While comprehensive and instructive, Acquaviva’s presentation of the social and religious causes of Autonomia is too schematic to do more than map out the field in the most general way. These are popular rather than scientific works, synthetic rather than analytic, hurriedly composed, one feels, to provide a puzzled public with a basic guide through the confusion. Apart from selective surveys on religious practice, the books are short on statistics about either Autonomia or the Red Brigades and sparser still on the biographical data of people in the radical left, even though this information is readily available. From a book like The Religious Seed of Revolt we might reasonably expect a discussion of the millenarian motifs that run, for example, through Negri’s more popular tracts, but instead we get only a review (even if a correct one) of religious life in Italy since the war.
Perhaps the greatest drawback of Guerrilla Warfare is the lack of a thorough analysis of the possible connection between the Red Brigades and Autonomia. Although Acquaviva recognizes a difference over theory between these two (Leninist centralism vs. mass support), he nonetheless links them in a simplistic and prejudicial homology when he calls the Brigades “the armed Party” and Negri’s Organized Autonomy “the armed Movement.” In that way I think he tends to give support to the prosecution’s as yet unproven and perhaps unprovable hypothesis in Italy v. Negri.
Finally, he seems unaware of what even Negri’s accusers acknowledge: that a divisive debate has been raging for some time within the Red Brigades between “hawks” who want to continue the tactics of terrorism and “doves” who favor attempts to reforge their links with the masses. Analysis of this debate, which is manifest in the Brigadists’ communiqués over the last fifteen months, seems a prerequisite to any predictions of the future of terrorism in Italy.
Whereas Acquaviva is the detached sociologist who charts the radical left from without, Toni Negri is the engagé philosopher who carries us to its theoretical and tactical core. He is unquestionably one of the most creative and passionate Marxists writing today, and without his densely argued works the Autonomia movement in Italy would probably dissolve, as did the counterculture in America, into vague and apolitical social protest.
The appeal of Negri’s new Marxism, for all his thick argumentation and hermetic jargon, lies in its utter simplicity. It is to his credit that he squarely faces the major embarrassment of Marxism in this century: the fact that the theory which foresaw the extinction of the state and the abolition of alienated labor has in fact spawned regimes that enforce both state and labor much more repressively than under capitalism. For Negri, the socalled “real socialism” of Russia and Eastern Europe is merely the “teleology of capitalism,” that is, the continuation of the law of surplus value under conditions which, at least theoretically, are supposed to be egalitarian. But alienated labor remains alienated even if, under socialism, it be rewarded with a just wage. Negri all but repeats the well-known quip: Capitalism is the exploitation of man by man whereas socialism is the exact opposite. The first and negative thesis of his own brand of Marxism is that communism has as little to do with socialism as it does with capitalism. If the Soviet Union represents Marxism, Negri writes, “we would be happy to do without Marx.”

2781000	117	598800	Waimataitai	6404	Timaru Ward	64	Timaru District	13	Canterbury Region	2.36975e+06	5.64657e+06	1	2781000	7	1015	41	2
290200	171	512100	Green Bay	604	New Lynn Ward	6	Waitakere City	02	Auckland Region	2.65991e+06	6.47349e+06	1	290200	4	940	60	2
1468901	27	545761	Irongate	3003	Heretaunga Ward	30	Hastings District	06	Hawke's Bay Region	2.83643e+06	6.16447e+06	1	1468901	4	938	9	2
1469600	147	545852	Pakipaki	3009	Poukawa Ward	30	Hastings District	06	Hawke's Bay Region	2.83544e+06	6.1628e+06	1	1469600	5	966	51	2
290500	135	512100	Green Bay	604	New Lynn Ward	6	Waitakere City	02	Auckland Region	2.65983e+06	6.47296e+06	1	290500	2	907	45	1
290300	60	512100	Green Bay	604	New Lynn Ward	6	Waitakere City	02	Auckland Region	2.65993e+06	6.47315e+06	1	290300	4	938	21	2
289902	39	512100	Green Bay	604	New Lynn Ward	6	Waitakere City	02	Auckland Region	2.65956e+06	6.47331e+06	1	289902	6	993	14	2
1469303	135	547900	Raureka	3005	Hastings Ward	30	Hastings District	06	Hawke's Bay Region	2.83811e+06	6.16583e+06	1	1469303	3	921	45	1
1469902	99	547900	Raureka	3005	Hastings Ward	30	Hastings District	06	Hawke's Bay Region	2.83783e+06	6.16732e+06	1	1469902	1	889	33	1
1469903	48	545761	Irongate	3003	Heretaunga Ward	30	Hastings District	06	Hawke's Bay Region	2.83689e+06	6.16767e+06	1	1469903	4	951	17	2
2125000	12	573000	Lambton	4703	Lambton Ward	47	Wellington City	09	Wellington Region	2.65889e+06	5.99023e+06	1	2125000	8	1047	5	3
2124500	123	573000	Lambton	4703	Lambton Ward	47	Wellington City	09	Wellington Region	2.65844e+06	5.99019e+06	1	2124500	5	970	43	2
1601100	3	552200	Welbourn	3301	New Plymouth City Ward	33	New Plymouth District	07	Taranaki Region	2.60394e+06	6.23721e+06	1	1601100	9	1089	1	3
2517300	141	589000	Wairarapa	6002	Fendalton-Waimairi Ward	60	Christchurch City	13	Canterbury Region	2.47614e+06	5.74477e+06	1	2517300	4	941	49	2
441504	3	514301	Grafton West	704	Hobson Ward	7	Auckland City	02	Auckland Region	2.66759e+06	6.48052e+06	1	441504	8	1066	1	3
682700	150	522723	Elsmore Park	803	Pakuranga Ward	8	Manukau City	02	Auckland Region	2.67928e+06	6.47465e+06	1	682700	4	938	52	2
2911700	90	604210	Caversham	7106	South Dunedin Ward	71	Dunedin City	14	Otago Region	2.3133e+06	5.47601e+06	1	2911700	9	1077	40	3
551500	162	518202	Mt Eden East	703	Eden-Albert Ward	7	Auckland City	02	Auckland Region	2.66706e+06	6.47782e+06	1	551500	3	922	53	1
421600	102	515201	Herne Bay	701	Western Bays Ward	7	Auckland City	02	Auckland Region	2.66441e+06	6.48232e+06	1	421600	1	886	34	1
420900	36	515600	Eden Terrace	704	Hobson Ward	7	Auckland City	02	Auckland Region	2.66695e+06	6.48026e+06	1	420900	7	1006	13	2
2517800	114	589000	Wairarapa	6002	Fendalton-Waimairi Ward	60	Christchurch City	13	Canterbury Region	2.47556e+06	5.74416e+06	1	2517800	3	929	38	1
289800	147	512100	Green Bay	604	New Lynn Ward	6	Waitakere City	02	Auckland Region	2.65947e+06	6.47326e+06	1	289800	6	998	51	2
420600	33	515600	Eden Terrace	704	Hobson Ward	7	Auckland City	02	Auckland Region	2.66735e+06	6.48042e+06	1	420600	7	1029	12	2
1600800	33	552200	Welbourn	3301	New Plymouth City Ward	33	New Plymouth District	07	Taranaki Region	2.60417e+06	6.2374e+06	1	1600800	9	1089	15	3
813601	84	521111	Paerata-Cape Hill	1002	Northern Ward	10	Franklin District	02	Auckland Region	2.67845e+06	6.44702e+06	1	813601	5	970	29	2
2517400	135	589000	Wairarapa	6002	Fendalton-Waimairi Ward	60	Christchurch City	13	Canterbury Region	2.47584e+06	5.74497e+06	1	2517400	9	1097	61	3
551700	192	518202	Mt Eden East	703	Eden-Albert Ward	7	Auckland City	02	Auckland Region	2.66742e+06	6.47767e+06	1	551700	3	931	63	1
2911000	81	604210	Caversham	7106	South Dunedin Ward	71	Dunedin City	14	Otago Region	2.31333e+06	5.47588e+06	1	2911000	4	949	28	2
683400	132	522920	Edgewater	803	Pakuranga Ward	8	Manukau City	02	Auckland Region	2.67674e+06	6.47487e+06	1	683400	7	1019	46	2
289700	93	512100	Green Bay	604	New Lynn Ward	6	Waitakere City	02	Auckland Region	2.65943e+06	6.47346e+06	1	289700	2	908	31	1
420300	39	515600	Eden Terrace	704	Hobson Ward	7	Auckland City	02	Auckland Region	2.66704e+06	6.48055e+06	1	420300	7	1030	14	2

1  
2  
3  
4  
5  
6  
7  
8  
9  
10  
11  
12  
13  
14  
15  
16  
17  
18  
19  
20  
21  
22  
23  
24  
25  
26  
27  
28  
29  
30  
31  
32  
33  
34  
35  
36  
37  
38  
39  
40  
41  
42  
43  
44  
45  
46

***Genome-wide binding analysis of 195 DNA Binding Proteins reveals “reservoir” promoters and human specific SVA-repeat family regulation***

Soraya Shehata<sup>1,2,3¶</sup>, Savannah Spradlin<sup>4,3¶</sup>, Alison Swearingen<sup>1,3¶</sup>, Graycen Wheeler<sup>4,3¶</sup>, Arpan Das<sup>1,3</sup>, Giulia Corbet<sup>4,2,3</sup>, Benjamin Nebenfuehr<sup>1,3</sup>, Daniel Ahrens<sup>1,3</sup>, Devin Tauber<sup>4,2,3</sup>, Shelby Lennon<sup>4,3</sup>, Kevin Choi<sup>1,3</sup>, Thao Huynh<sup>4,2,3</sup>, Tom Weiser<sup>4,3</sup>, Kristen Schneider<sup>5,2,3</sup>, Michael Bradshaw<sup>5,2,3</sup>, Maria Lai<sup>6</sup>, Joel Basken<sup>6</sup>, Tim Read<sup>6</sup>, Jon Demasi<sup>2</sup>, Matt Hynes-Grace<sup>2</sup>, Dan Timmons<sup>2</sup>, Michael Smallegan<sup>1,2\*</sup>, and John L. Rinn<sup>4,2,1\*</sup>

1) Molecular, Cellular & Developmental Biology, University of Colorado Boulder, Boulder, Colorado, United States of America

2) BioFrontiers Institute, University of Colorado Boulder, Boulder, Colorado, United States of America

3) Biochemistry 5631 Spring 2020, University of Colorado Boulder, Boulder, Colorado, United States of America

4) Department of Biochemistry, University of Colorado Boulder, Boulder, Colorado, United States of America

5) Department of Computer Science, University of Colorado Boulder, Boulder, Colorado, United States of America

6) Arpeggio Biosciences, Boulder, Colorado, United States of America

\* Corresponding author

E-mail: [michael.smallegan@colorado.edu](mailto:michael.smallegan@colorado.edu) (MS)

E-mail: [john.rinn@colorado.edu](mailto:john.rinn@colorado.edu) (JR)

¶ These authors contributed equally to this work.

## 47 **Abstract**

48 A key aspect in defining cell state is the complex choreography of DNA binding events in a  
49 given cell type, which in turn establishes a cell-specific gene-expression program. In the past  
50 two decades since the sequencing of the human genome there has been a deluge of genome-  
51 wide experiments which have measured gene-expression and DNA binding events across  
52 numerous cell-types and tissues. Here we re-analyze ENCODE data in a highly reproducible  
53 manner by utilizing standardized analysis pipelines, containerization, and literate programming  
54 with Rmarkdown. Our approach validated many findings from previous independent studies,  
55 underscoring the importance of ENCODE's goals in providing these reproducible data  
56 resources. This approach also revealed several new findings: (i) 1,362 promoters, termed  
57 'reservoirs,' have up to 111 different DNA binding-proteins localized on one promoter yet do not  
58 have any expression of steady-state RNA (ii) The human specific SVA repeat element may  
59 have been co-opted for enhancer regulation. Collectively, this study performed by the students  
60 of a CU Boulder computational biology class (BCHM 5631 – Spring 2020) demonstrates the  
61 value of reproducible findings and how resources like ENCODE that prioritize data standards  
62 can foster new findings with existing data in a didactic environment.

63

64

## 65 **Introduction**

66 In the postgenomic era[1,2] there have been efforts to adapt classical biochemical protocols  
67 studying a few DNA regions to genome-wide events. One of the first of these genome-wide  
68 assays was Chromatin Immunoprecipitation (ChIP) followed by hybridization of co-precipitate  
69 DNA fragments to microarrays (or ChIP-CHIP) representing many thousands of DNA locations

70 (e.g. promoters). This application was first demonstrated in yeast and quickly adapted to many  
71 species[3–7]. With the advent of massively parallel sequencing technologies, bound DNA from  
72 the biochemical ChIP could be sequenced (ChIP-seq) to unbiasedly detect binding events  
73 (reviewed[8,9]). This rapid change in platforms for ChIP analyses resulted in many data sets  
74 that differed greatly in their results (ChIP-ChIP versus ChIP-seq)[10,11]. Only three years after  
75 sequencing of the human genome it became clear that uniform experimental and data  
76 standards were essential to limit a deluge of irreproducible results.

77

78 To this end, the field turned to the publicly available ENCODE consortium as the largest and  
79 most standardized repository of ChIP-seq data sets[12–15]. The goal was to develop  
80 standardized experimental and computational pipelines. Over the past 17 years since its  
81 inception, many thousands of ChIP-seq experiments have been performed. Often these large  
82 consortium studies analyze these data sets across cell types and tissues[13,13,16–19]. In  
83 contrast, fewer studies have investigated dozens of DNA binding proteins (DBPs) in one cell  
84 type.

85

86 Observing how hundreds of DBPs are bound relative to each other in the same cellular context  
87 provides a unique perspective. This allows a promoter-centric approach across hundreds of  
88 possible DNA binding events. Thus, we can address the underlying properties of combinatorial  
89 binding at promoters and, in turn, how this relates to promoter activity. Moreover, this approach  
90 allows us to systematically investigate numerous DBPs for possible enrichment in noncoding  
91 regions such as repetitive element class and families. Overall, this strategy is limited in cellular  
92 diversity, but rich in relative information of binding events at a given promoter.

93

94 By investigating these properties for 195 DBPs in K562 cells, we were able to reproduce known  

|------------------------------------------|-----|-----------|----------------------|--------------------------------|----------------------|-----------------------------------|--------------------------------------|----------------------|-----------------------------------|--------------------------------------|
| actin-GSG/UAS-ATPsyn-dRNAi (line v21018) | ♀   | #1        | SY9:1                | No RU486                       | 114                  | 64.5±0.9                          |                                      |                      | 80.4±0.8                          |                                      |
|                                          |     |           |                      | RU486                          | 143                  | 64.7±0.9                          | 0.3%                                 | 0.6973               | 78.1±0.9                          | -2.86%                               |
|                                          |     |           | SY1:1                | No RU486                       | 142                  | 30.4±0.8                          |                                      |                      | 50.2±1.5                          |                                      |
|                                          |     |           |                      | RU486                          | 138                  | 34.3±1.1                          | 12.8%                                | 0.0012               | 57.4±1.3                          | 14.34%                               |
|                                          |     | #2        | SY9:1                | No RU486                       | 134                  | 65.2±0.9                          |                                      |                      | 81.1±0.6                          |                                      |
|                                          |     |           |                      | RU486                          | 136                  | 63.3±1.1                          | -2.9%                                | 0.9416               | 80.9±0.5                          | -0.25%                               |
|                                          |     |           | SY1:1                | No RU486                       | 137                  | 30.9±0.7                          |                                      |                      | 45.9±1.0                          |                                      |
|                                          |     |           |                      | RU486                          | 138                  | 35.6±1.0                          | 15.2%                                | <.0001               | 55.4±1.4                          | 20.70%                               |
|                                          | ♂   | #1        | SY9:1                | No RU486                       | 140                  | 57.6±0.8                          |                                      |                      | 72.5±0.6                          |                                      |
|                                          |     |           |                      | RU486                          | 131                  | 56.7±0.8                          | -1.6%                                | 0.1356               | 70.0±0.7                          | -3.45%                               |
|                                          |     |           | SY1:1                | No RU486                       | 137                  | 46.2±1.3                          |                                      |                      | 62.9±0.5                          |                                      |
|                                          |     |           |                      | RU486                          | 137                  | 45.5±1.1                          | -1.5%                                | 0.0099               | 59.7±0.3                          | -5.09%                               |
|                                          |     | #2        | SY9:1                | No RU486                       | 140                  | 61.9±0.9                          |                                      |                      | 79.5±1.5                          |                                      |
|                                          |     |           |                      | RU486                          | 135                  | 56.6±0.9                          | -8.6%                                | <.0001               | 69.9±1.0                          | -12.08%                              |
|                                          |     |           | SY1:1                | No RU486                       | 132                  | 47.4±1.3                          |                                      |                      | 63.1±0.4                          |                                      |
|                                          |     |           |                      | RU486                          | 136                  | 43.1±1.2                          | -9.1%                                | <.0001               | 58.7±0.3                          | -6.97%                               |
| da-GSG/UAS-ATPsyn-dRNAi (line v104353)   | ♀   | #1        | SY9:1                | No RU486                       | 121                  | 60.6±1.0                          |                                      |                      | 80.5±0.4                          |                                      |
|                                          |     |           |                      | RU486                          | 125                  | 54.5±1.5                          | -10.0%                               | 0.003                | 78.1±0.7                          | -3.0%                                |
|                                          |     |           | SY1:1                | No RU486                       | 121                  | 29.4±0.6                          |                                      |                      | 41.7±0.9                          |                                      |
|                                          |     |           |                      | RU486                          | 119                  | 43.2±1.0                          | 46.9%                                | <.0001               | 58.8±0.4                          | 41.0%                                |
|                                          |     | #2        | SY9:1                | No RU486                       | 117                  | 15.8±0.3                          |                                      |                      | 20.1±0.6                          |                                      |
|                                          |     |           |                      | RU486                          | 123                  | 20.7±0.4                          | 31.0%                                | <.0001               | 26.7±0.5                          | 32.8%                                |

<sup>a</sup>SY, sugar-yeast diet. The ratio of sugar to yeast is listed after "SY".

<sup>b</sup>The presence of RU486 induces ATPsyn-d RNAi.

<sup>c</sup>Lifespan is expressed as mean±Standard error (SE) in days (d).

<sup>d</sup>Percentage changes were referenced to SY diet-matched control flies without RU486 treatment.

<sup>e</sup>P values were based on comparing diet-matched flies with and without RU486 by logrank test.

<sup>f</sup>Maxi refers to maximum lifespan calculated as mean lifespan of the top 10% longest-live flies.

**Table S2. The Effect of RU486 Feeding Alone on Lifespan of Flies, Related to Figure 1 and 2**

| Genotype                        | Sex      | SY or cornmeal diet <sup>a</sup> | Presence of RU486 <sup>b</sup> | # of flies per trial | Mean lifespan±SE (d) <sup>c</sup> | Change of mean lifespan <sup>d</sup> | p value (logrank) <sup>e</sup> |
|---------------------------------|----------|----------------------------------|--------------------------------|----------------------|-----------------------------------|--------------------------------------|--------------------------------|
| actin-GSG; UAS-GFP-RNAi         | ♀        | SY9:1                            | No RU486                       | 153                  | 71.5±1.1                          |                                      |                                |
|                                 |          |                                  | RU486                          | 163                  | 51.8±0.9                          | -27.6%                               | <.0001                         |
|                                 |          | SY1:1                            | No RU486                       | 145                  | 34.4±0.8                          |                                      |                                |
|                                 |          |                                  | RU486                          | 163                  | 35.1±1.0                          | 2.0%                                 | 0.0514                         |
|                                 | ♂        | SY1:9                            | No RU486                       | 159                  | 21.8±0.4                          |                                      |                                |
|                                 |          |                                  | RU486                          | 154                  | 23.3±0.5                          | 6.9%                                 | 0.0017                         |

As for the positive side of his theory, Negri asserts, frankly and somewhat ingenuously, what he calls the “true content” of communism.
Communism is the destruction of exploitation and the liberation of living labor, in fact, of non-labor. Simply this and nothing more…. The liberation of labor is liberation from labor. There is no question of exaggerating. Marx himself says this tens and hundreds of times. The only amusing thing about it is the embarrassment that almost all Marxist theoreticians feel when they read these passages.
The appeal of these positions to the large numbers of young people who resent and reject the work ethic should be clear. Negri argues for these ideas in two recent works which he styles “reinventions” of Marx and Lenin, that is, attempts to rescue them from Third Internationalist orthodoxy. Negri is at his best in the classroom, and both books come from university seminars. The Factory of Strategy: 33 Lectures on Lenin is a course he taught at Padua in 1972-1973 but published only in 1977, whereas Marx Beyond Marx: A Workbook on the “Grundrisse” is the seminar he held at the Ecole Normale last year—in fact during the captivity of Moro—and that has been published since Negri was arrested. The theoretical interest of both books has been overshadowed by the prosecution’s efforts to extract sentences which speak of sabotage and violence (not a difficult task in any case), but beyond this legal issue the works contain a vision of society and revolution that must be judged on its own merits.